Shipping through the Panama Canal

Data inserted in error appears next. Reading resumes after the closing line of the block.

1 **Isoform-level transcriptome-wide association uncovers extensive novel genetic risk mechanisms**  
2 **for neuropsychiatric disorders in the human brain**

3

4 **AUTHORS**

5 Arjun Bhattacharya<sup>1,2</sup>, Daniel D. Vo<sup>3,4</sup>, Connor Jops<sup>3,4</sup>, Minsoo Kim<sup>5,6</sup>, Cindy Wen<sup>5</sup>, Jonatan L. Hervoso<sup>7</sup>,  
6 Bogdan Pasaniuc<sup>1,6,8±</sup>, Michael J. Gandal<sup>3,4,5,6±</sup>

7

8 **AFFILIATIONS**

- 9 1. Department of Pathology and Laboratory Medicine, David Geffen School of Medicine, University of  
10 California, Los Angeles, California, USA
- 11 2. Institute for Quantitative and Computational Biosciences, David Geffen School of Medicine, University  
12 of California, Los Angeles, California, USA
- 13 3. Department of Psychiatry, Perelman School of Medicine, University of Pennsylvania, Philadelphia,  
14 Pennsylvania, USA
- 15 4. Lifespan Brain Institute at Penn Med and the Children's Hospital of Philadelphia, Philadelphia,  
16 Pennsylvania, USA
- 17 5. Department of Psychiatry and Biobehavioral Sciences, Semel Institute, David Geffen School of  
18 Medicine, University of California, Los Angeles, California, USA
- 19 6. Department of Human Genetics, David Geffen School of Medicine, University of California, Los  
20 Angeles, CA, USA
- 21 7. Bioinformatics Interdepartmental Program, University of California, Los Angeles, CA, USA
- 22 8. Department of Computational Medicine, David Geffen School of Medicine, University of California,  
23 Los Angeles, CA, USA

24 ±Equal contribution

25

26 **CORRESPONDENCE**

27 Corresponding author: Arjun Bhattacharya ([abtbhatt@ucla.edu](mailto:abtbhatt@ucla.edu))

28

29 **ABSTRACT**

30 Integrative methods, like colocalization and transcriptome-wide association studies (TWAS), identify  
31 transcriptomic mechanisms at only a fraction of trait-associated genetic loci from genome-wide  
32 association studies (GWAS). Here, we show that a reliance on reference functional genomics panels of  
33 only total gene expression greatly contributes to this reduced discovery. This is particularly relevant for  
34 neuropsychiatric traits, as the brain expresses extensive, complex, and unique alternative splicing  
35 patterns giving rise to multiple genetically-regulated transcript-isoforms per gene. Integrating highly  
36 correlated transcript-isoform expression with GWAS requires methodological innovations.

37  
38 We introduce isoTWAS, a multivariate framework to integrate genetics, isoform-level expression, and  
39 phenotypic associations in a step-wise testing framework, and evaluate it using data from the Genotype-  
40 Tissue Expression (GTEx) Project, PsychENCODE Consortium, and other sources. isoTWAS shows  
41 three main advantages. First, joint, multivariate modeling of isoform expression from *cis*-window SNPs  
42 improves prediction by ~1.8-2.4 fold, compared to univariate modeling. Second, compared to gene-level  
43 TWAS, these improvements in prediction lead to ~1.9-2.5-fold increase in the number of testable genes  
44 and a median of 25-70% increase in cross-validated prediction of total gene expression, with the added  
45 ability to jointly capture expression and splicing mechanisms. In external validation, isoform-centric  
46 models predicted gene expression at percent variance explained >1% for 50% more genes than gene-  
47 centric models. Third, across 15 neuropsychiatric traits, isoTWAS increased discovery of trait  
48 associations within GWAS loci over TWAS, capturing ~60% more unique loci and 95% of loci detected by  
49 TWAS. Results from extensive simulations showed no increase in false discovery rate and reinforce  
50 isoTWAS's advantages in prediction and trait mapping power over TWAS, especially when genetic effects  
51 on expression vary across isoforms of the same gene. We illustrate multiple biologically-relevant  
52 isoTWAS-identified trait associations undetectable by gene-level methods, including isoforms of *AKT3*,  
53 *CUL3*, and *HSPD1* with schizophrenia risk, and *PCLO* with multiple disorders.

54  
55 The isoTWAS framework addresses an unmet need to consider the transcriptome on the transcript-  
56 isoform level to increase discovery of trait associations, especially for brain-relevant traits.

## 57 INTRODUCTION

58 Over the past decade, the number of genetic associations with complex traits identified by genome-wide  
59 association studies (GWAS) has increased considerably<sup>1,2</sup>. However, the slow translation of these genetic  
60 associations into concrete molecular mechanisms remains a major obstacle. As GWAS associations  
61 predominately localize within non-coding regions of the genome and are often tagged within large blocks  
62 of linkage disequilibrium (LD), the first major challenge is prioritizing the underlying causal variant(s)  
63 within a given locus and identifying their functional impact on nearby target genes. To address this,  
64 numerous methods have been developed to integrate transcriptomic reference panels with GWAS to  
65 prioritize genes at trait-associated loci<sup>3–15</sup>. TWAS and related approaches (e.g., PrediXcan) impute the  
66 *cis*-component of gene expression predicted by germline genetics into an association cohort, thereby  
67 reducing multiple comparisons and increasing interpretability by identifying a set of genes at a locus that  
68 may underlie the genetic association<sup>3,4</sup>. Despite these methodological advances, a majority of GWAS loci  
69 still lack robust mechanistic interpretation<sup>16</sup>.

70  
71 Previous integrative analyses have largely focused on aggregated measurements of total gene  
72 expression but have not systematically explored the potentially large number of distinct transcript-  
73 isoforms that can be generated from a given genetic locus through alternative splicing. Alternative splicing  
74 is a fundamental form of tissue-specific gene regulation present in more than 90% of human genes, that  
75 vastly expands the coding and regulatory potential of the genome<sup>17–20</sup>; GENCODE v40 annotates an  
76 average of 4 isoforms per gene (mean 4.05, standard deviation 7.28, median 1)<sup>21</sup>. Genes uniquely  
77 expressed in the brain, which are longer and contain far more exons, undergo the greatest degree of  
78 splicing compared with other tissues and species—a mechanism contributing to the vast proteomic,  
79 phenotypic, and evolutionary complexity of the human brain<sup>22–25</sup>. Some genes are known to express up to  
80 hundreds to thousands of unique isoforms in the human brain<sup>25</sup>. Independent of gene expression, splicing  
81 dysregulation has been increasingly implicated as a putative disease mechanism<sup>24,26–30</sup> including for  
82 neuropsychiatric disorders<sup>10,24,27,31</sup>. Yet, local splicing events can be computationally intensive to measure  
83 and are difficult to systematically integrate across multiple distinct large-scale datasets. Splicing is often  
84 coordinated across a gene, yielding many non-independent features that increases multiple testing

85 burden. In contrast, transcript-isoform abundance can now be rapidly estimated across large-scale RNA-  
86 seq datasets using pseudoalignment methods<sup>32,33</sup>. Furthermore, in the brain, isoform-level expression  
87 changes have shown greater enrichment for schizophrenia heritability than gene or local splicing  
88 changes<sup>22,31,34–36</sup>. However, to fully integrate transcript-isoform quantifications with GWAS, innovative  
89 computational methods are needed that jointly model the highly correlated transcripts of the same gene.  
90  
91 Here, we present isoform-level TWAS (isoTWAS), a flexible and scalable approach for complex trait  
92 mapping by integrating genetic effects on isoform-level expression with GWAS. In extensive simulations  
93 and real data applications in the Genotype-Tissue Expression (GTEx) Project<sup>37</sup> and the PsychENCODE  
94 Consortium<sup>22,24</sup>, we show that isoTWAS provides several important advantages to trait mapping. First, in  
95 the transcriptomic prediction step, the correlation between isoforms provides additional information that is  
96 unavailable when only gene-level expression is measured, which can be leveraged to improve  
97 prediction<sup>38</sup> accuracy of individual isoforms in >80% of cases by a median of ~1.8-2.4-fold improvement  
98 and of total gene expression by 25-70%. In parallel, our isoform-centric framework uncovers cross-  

Before the Panama Canal was finished in 1914, ships had to go around Cape Horn to move their cargo between the Pacific Ocean and the Atlantic Ocean. Not only was this a much longer trip that added 50 percent more time to the trip, but navigating through the Magellan Straits were exceedingly dangerous and could cause worse problems for the ships. The Panama Canal is made up of a system of locks that lift the ships into a reservoir to bring it to the level of the water at the other side of the canal. This allowed for ships to move through without getting stuck. The canal was originally commissioned as a cut through for ships, but it is clear the founders had no idea just how much the shipping industry would grow and how this would become an important part of shipping and tourism even today. The Panama Canal gets ten to fifteen thousand ships through it every year and every ship pays a toll based on its size. This is a huge money maker for Panama who is now in control of the canal. The average toll is about $54,000 based on cubic feet available for cargo. The highest toll ever paid was a passenger ship called Disney Magic and the toll paid was $331,200. Unfortunately for Panama, in recent years there has been a drop in passage through the canal. The shipping industry is now growing in size including ship size and the pass through is based on ships built without today's technology. As a result, the locks are going to have a harder and harder time accommodating the large ships that are coming out now.